They say you don’t know what you have till it’s gone. That may be how state Senate Democrats are feeling as they go into the debate on voter ID. This year’s version of the bill is significantly more stringent than the version Republicans brought last session. It does not allow for anyone to vote who doesn’t have a photo ID—and only four types of IDs are admissible. The only exemptions are for those over 70.
This afternoon, senators had the opportunity to change the bill through amendments; any controversial changes to the bill will need a majority vote. Of the 15 amendments we’ve heard by 5 p.m., all were drafted by Democrats. There’s no chance this bill won’t pass in one form or another. Democratic state Sen. Carlos Uresti isn’t even here today, bringing the Democratic total to a paltry 11 of the 30 present members.
For the Democrats, who spent the last two sessions fighting against more lenient versions of the same measure, one goal today is to soften the impact as much as possible and try to make this session’s bill more like those of years past.
The other goal is to raise a little hell.
The hell is easier to come by than Republican support. Already we’ve seen one amendment from state Sen. Kirk Watson, D-Austin, that would have deleted the entire bill. Instead of requiring photo identification to vote, it added a new section to the election code making fraudulent voting a first-degree felony. Not shockingly, the amendment failed on a party-line vote. Similarly, state Sen. Judith Zaffirini, D-Laredo, offered an amendment to allow affidavits to substitute for an actual photo ID. That found no favor with GOP senators.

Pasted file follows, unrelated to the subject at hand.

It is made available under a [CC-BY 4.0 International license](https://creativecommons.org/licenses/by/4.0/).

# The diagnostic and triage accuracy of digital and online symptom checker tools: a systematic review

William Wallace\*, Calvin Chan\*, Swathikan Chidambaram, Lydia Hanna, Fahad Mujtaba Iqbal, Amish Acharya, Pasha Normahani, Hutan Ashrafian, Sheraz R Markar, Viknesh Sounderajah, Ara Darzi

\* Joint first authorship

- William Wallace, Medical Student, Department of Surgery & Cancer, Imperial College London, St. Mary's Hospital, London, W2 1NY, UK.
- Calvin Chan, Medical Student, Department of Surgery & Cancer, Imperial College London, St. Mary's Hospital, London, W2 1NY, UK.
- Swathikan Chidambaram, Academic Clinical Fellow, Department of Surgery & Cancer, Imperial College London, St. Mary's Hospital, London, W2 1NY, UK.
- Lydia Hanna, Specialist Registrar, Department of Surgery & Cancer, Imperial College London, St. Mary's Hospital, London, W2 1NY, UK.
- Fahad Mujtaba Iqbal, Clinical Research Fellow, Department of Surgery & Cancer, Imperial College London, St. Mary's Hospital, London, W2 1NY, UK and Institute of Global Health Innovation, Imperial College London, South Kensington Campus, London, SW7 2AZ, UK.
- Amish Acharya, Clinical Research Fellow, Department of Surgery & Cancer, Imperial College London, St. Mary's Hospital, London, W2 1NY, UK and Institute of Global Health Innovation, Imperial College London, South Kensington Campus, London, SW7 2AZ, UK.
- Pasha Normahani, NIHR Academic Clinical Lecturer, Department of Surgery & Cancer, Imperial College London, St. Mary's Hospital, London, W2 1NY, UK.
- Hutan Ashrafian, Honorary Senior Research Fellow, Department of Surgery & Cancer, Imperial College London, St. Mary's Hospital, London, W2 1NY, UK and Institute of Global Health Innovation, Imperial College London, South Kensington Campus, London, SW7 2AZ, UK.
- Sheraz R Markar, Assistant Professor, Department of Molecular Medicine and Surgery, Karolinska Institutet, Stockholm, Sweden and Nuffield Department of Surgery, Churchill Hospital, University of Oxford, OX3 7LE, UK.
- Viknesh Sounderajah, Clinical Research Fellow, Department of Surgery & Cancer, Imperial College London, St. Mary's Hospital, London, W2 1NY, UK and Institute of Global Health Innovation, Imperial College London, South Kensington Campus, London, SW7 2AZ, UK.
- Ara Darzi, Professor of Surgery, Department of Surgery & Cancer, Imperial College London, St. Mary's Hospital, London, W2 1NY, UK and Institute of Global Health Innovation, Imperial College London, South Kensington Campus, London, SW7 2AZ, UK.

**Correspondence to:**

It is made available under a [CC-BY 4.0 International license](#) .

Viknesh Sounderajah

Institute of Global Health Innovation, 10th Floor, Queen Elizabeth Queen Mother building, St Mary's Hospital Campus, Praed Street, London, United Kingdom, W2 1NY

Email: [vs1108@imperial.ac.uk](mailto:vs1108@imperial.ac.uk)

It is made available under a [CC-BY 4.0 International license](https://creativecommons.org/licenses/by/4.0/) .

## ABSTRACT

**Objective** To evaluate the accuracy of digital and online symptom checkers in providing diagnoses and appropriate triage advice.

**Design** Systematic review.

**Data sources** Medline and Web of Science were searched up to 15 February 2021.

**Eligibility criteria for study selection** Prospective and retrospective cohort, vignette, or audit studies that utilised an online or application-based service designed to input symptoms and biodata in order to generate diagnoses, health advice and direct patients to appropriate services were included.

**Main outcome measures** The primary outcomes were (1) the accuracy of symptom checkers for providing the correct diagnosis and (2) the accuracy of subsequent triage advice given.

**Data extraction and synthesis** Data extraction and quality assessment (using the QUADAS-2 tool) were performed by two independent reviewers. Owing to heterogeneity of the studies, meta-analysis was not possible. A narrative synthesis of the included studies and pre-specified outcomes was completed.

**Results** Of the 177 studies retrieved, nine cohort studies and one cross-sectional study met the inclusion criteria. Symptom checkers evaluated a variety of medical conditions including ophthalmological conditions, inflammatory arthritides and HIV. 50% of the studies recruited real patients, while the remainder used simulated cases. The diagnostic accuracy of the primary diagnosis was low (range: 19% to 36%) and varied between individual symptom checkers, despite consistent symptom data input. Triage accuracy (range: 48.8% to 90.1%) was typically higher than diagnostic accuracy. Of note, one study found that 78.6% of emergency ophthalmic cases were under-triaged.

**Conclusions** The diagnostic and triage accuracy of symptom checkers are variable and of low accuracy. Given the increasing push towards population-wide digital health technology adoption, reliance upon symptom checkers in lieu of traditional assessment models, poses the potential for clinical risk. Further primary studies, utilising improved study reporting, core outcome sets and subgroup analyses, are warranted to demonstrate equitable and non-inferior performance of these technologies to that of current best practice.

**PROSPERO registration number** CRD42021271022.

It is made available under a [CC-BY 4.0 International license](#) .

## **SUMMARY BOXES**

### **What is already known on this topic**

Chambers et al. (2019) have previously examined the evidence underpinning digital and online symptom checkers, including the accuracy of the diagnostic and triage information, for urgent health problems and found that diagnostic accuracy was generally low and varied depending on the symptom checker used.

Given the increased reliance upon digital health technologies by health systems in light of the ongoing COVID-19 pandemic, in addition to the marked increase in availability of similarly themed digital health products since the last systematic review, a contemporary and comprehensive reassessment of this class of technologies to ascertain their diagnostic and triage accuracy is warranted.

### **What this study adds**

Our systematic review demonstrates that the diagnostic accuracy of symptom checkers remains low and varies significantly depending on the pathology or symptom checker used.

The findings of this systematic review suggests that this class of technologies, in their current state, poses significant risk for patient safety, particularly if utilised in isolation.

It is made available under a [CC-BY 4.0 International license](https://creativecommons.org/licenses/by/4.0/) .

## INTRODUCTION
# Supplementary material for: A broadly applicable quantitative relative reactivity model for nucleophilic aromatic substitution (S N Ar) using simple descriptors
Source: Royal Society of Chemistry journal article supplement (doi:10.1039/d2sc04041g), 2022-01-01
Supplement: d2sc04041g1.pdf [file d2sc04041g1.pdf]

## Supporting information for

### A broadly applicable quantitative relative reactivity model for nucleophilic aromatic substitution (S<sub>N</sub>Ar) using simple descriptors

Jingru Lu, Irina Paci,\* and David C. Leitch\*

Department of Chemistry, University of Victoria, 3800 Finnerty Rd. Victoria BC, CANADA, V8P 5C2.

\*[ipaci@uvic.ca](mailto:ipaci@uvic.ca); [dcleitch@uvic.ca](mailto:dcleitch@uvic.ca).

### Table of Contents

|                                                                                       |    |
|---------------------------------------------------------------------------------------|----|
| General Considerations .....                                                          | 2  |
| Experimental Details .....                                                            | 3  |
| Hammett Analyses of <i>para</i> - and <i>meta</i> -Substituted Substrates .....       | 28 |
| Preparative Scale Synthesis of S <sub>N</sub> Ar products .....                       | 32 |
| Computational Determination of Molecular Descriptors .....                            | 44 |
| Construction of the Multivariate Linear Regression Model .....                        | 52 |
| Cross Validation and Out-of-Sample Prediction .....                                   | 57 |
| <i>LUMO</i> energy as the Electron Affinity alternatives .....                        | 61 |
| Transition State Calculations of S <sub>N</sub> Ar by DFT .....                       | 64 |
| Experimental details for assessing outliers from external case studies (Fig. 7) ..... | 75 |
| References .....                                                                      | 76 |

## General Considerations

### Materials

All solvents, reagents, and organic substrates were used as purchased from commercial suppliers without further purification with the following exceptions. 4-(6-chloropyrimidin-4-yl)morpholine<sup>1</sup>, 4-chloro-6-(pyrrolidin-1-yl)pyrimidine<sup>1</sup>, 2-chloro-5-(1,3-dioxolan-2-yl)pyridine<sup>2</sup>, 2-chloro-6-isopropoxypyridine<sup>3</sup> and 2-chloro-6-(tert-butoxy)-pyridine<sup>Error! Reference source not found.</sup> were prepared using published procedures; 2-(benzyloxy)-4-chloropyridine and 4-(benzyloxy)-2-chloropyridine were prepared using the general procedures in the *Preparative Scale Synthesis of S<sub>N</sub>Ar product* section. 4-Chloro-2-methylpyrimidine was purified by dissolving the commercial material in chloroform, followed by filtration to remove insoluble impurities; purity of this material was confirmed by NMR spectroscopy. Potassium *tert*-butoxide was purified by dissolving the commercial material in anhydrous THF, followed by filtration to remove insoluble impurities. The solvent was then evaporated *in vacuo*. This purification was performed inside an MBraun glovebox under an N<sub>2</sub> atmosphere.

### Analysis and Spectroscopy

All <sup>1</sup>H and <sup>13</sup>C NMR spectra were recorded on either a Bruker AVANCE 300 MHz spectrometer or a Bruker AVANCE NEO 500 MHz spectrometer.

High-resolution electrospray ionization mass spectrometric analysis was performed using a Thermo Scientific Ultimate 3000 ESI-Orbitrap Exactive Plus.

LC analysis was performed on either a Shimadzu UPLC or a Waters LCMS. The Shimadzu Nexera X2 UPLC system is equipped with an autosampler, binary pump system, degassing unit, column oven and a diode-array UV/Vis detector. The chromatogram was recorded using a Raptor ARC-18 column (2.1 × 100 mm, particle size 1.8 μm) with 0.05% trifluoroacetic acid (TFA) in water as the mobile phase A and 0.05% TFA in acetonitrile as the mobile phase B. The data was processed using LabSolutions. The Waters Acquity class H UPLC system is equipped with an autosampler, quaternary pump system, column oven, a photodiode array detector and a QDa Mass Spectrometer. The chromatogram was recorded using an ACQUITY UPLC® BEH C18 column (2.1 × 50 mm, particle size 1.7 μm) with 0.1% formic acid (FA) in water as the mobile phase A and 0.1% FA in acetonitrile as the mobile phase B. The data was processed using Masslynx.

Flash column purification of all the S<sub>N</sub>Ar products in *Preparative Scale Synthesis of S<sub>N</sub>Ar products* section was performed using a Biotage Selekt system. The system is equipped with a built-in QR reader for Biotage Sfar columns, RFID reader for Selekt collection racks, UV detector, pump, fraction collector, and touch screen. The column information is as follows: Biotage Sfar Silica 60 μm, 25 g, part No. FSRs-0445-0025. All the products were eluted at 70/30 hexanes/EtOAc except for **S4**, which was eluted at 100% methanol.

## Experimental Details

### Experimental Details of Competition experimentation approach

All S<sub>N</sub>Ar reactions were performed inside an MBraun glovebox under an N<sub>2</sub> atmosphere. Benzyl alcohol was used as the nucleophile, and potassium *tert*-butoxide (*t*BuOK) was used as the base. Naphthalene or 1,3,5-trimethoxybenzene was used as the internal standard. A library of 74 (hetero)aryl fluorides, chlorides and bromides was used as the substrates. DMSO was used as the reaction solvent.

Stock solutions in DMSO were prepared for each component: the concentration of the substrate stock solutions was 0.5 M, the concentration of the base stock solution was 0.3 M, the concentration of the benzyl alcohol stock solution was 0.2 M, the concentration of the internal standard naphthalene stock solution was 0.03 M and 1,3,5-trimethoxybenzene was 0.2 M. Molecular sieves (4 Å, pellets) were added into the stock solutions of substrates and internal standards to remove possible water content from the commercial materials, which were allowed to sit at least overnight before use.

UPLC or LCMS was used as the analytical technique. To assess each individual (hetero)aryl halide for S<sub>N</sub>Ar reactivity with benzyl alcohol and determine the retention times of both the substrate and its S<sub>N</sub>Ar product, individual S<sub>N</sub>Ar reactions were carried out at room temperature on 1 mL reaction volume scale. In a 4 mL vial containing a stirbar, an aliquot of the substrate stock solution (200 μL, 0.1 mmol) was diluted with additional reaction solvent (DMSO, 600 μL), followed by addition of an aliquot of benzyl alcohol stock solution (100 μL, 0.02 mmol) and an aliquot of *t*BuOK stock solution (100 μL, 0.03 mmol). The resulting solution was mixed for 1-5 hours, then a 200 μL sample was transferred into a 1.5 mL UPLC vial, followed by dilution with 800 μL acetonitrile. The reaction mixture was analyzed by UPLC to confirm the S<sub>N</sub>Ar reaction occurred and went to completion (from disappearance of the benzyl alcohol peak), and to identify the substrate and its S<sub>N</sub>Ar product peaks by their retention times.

Attempts to soften the bill aren’t getting support, either. Most tellingly, state State Sen. Leticia Van de Putte, D-San Antonio, offered an amendment that would have allowed for two non-photo alternatives for individuals without a photo ID. That measure was in last session’s voter ID bill. Now it’s not tough enough—the Senate’s Republicans voted the measure down.
State Sen. Wendy Davis, D-Fort Worth, offered amendments to allow married or divorced women to sign affidavits if their current last name has been altered. Failed. She sought to allow expired driver’s licenses to count as admissible identification. Failed. Of the 16 amendments heard so far, the only ones to gain traction have been those to specify details of the signs and notifications.
For Senate Democrats, this may be a sign of a total inability to change legislation. Today is likely the last chance to moderate the bill. Since the November election brought in an unprecedented class of hardline conservatives to the House, almost any voter ID measures should be easy to pass there, no matter how restrictive. House Democrats would have to persuade 27 Republicans to vote with them. In the Senate, only five Republicans need to switch over. For now, Senate has become the closest thing to a centrist body.
The current voter ID bill is one of the most conservative versions in the country. If this debate is any indication, soon Texas will hold the “most conservative” title in quite a few policy areas.